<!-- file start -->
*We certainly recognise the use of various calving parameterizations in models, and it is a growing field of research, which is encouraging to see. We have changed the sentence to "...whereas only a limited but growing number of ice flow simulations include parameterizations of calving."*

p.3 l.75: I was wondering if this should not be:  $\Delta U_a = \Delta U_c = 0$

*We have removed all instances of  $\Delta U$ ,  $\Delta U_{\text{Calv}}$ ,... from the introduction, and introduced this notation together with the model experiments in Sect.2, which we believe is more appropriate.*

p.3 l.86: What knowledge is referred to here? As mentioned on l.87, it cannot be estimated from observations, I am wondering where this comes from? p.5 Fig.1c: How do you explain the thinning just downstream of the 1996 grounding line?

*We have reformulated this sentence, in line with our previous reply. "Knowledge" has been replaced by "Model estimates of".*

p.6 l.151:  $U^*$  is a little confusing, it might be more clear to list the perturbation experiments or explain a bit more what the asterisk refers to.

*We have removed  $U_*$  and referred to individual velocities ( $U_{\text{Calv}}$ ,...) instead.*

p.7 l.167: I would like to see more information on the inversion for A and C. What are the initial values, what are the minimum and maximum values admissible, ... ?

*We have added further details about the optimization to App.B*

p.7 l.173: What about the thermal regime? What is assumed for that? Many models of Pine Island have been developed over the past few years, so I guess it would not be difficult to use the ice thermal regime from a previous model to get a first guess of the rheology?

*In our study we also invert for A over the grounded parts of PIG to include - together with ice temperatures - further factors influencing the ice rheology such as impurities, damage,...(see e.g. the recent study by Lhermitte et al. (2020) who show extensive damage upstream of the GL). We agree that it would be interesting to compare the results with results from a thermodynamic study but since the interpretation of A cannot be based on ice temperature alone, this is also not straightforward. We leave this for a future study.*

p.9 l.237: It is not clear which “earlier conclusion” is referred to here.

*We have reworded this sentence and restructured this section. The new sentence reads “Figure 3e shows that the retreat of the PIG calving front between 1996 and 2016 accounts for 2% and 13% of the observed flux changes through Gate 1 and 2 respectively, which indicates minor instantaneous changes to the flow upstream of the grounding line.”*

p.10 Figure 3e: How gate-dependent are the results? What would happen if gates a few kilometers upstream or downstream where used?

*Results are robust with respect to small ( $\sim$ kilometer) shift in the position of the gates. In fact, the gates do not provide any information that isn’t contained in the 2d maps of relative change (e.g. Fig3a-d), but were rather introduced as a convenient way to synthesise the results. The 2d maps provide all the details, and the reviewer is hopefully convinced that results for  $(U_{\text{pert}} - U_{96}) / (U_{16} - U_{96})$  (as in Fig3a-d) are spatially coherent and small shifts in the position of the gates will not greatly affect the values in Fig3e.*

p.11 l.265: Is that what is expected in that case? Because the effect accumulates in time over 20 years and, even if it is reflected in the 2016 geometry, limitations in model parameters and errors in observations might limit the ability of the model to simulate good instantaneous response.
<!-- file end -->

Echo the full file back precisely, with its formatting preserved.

*We certainly recognise the use of various calving parameterizations in models, and it is a growing field of research, which is encouraging to see. We have changed the sentence to "...whereas only a limited but growing number of ice flow simulations include parameterizations of calving."*

p.3 l.75: I was wondering if this should not be:  $\Delta U_a = \Delta U_c = 0$

*We have removed all instances of  $\Delta U$ ,  $\Delta U_{\text{Calv}}$ ,... from the introduction, and introduced this notation together with the model experiments in Sect.2, which we believe is more appropriate.*

p.3 l.86: What knowledge is referred to here? As mentioned on l.87, it cannot be estimated from observations, I am wondering where this comes from? p.5 Fig.1c: How do you explain the thinning just downstream of the 1996 grounding line?

*We have reformulated this sentence, in line with our previous reply. "Knowledge" has been replaced by "Model estimates of".*

p.6 l.151:  $U^*$  is a little confusing, it might be more clear to list the perturbation experiments or explain a bit more what the asterisk refers to.

*We have removed  $U_*$  and referred to individual velocities ( $U_{\text{Calv}}$ ,...) instead.*

p.7 l.167: I would like to see more information on the inversion for A and C. What are the initial values, what are the minimum and maximum values admissible, ... ?

*We have added further details about the optimization to App.B*

p.7 l.173: What about the thermal regime? What is assumed for that? Many models of Pine Island have been developed over the past few years, so I guess it would not be difficult to use the ice thermal regime from a previous model to get a first guess of the rheology?

*In our study we also invert for A over the grounded parts of PIG to include - together with ice temperatures - further factors influencing the ice rheology such as impurities, damage,...(see e.g. the recent study by Lhermitte et al. (2020) who show extensive damage upstream of the GL). We agree that it would be interesting to compare the results with results from a thermodynamic study but since the interpretation of A cannot be based on ice temperature alone, this is also not straightforward. We leave this for a future study.*

p.9 l.237: It is not clear which “earlier conclusion” is referred to here.

*We have reworded this sentence and restructured this section. The new sentence reads “Figure 3e shows that the retreat of the PIG calving front between 1996 and 2016 accounts for 2% and 13% of the observed flux changes through Gate 1 and 2 respectively, which indicates minor instantaneous changes to the flow upstream of the grounding line.”*

p.10 Figure 3e: How gate-dependent are the results? What would happen if gates a few kilometers upstream or downstream where used?

*Results are robust with respect to small ( $\sim$ kilometer) shift in the position of the gates. In fact, the gates do not provide any information that isn’t contained in the 2d maps of relative change (e.g. Fig3a-d), but were rather introduced as a convenient way to synthesise the results. The 2d maps provide all the details, and the reviewer is hopefully convinced that results for  $(U_{\text{pert}} - U_{96}) / (U_{16} - U_{96})$  (as in Fig3a-d) are spatially coherent and small shifts in the position of the gates will not greatly affect the values in Fig3e.*

p.11 l.265: Is that what is expected in that case? Because the effect accumulates in time over 20 years and, even if it is reflected in the 2016 geometry, limitations in model parameters and errors in observations might limit the ability of the model to simulate good instantaneous response.